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Purchasing Strategy – A New Approach

Keith Jones BSc. MBA

Keith Jones

Building on a 35-year career in the chemical industry where he worked in areas ranging from R&D, Manufacturing, and Purchasing, through to Supply Chain, Finance and Project Management, Keith established Cadnant Consulting specialising in inventory management, project data analysis and forecasting.

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This article is based on the Purchasing Strategy described in Keith’s book ‘Inventory Management for Competitive Advantage: Including a Practical and Effective Purchasing Strategy for Managers’. Published by Routledge (Tailor & Francis Group) in March, 2020.

Drawing on his breadth of experience, Keith proposes a new approach to the development of a purchasing strategy. 


When a business strategy is developed, it is essential that every function within the organisation is aligned to that strategy and that every individual understands how their function connects to and supports the overall business strategy. 

As many organisations will know, it is no easy task to ensure that every function is ‘pointing in the same direction’ when it comes to strategy. Whilst each function can have its’ own set of conflicting objectives, Purchasing can never get away from ‘cost’ being an over-riding factor in the development of their strategy given the potential impact on profitability. 

Figure 1 shows how Purchasing Strategy can sometimes be disconnected from the Business Strategy.

Disconnected strategies can have unintended consequences develop despite the best of intentions. These can invariably impact both the supply of raw materials and relationships with suppliers. Having an effective and completely aligned Purchasing Strategy avoids these issues. 

Of course, ensuring alignment is not easy and there is little available at a practical level that will enable purchasing professionals to translate their business’s strategy into an aligned Purchasing Strategy with associated clear and coherent actions.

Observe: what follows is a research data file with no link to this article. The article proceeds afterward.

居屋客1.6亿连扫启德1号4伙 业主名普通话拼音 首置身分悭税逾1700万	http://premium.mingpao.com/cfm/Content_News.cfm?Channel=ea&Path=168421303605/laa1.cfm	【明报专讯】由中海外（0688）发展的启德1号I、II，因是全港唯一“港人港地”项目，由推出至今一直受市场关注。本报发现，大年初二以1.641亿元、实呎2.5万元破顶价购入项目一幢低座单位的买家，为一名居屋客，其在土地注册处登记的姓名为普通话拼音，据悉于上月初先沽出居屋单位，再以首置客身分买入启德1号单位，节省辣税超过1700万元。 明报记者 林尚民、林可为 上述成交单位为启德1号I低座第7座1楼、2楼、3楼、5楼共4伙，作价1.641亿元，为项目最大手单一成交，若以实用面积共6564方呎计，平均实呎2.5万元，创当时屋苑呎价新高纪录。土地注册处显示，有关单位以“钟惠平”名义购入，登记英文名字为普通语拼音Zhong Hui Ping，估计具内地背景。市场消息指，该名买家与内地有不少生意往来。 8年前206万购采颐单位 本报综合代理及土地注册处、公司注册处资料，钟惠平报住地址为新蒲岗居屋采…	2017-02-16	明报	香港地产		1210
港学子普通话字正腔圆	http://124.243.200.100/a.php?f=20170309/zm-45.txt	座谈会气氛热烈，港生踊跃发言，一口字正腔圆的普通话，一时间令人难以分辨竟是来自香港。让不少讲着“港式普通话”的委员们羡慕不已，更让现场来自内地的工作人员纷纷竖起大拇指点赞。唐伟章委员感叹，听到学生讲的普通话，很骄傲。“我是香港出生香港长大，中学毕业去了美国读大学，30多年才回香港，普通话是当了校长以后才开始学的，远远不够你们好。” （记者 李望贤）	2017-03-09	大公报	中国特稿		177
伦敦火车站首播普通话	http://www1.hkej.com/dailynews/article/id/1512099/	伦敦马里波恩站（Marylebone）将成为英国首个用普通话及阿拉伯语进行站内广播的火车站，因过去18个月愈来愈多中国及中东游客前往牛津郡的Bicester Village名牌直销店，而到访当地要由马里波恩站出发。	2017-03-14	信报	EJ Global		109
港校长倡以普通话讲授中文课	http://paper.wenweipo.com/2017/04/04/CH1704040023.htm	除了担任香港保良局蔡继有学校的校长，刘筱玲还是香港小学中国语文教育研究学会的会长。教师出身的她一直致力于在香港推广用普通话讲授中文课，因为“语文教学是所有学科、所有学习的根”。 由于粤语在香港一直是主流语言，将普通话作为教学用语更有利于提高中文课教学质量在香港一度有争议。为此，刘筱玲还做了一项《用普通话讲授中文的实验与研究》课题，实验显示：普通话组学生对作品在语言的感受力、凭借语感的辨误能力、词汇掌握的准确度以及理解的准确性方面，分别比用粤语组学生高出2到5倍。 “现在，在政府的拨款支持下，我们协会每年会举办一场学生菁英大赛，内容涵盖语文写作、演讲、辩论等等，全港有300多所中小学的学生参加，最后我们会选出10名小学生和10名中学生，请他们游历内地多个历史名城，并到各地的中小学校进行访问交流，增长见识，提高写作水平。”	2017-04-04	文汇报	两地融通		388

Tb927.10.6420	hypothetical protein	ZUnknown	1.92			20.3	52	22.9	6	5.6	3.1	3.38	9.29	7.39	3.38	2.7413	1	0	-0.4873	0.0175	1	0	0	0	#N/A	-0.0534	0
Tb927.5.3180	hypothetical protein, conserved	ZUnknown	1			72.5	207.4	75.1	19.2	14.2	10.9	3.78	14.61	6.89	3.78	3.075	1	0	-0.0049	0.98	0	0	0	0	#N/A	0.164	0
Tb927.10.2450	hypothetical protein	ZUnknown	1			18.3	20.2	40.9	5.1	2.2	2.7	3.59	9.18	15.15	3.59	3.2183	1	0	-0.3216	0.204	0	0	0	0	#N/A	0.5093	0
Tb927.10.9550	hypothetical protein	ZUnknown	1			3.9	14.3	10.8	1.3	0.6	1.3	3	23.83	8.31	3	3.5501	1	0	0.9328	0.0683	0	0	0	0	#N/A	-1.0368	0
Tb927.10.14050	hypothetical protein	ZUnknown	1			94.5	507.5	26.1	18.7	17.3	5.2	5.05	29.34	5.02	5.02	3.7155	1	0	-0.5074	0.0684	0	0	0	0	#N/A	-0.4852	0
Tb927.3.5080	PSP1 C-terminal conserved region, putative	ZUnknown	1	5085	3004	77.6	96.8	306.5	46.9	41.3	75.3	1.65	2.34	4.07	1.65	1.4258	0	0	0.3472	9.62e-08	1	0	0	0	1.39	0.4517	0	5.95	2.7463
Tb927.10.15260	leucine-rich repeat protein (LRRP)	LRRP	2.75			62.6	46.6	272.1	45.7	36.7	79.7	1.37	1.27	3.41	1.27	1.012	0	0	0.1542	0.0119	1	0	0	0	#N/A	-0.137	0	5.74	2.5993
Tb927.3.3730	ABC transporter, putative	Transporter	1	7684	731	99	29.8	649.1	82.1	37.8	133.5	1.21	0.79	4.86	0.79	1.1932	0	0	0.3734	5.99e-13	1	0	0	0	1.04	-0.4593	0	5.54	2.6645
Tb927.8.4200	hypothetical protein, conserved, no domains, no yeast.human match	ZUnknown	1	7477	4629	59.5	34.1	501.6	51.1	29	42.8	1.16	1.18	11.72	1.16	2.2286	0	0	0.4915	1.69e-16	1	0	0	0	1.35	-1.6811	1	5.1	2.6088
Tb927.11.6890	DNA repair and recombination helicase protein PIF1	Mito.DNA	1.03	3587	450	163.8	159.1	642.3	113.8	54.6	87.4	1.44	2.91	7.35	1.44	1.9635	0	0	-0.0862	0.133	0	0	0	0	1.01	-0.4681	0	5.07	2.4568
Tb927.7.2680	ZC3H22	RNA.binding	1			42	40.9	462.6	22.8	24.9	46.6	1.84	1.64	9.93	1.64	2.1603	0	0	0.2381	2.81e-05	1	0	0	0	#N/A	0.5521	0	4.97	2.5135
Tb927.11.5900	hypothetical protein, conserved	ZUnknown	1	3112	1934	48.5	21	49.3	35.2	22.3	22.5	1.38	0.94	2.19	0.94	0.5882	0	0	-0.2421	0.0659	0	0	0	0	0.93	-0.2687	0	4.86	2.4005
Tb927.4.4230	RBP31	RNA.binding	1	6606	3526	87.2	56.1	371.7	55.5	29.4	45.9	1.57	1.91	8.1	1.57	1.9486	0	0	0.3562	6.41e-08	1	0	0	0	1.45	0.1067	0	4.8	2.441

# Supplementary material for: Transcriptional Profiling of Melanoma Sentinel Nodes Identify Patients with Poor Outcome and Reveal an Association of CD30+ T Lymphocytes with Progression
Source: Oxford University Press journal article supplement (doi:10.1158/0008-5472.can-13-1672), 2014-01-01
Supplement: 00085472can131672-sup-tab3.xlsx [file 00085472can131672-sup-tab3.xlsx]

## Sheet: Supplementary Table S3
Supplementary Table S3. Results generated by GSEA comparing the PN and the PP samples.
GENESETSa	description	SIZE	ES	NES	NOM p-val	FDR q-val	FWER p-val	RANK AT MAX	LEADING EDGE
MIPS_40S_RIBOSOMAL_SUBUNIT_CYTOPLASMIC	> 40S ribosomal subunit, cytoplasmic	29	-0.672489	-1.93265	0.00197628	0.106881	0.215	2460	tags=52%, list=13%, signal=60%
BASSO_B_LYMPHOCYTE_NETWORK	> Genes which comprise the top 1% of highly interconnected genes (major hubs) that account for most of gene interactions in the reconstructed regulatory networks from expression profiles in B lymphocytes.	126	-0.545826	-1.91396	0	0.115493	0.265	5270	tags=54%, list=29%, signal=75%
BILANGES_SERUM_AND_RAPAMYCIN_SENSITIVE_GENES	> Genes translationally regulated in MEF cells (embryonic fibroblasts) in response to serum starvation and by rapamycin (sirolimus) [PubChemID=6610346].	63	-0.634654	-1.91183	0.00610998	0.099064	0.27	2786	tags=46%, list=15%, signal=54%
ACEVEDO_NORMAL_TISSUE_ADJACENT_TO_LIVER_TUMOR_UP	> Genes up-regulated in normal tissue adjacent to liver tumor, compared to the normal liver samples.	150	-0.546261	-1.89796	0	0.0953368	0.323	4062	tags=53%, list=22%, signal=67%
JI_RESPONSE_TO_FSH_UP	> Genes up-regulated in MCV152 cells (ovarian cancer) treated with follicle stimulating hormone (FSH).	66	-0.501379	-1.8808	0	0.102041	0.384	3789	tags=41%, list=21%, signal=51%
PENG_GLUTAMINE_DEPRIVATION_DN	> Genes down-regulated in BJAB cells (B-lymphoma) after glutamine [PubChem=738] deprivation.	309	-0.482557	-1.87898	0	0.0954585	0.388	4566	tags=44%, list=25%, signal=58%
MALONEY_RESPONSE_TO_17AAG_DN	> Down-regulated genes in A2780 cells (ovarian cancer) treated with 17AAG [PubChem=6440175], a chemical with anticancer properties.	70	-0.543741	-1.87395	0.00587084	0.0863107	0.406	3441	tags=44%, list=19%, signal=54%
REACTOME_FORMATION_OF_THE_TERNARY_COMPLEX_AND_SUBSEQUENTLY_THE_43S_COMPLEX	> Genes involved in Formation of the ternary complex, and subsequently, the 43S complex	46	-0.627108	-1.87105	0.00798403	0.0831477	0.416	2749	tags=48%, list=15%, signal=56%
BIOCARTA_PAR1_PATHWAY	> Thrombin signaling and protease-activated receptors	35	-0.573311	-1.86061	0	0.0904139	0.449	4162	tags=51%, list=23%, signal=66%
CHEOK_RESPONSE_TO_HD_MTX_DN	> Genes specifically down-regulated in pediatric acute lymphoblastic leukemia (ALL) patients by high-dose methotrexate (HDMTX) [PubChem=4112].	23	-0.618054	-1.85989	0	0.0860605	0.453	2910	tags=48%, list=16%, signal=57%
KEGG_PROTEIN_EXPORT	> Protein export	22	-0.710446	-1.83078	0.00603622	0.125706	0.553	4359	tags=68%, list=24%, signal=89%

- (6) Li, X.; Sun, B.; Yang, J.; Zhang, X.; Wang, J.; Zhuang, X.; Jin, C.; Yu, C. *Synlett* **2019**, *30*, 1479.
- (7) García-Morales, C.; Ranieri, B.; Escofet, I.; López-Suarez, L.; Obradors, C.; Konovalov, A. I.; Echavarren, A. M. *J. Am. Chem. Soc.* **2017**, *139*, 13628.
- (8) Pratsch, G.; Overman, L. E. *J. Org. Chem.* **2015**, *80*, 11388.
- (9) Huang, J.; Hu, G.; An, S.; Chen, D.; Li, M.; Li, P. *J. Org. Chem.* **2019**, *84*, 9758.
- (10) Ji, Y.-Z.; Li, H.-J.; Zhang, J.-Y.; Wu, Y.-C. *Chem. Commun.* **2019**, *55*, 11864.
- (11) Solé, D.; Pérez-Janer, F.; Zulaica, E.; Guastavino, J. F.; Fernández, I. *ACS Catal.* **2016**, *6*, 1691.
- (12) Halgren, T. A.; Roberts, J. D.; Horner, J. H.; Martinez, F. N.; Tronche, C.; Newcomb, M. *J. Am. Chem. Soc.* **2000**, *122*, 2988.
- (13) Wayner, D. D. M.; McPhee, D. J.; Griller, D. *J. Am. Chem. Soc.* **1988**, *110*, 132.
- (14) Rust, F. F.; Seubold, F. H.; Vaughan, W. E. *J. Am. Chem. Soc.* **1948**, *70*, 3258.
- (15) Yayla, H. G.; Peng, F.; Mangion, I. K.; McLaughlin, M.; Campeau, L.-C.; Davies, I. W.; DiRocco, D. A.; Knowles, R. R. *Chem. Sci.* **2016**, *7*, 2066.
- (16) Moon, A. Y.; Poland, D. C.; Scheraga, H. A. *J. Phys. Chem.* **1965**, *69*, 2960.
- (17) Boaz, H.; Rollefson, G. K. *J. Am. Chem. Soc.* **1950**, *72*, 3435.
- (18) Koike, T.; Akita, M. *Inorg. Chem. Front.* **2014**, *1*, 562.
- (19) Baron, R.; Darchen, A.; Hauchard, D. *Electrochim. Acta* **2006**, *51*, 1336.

Figure 1: Business and Purchasing Strategy Disconnected

When developing corporate strategies, organisations can draw on many tools to help them in the process. These include Michael Porter’s Value Chain Analysis (1) and Five Forces, SWOT Analysis, BCG Matrix2 and so on. 

The value of these tools is not in doubt but ensuring that all functions are aligned to the strategy is no easy task and this is no less true for purchasing strategy. However, when it comes to purchasing strategies, structured approaches are few and far between. Indeed, the main method used for the development of a purchasing strategy is often based on a pareto analysis of cost. In other words, purchasing staff will focus on the 20% of materials that make up 80% of costs. 

Whilst this approach is of importance, it does not necessarily follow that corporate and purchasing strategies are completely aligned. Small, seemingly insignificant purchases can easily be forgotten when, on closer inspection they are of equal importance in terms of their relation to strategy. 

Why does it matter? 

The longer a disconnect exists between strategies, the more likely it is that an ever-increasing gap will appear between functional and business strategies. 

In addition to pricing, there are other factors that Purchasing need to take account of when procuring materials and services for their organisation. For example: 

  • Variability in supply
  • Service level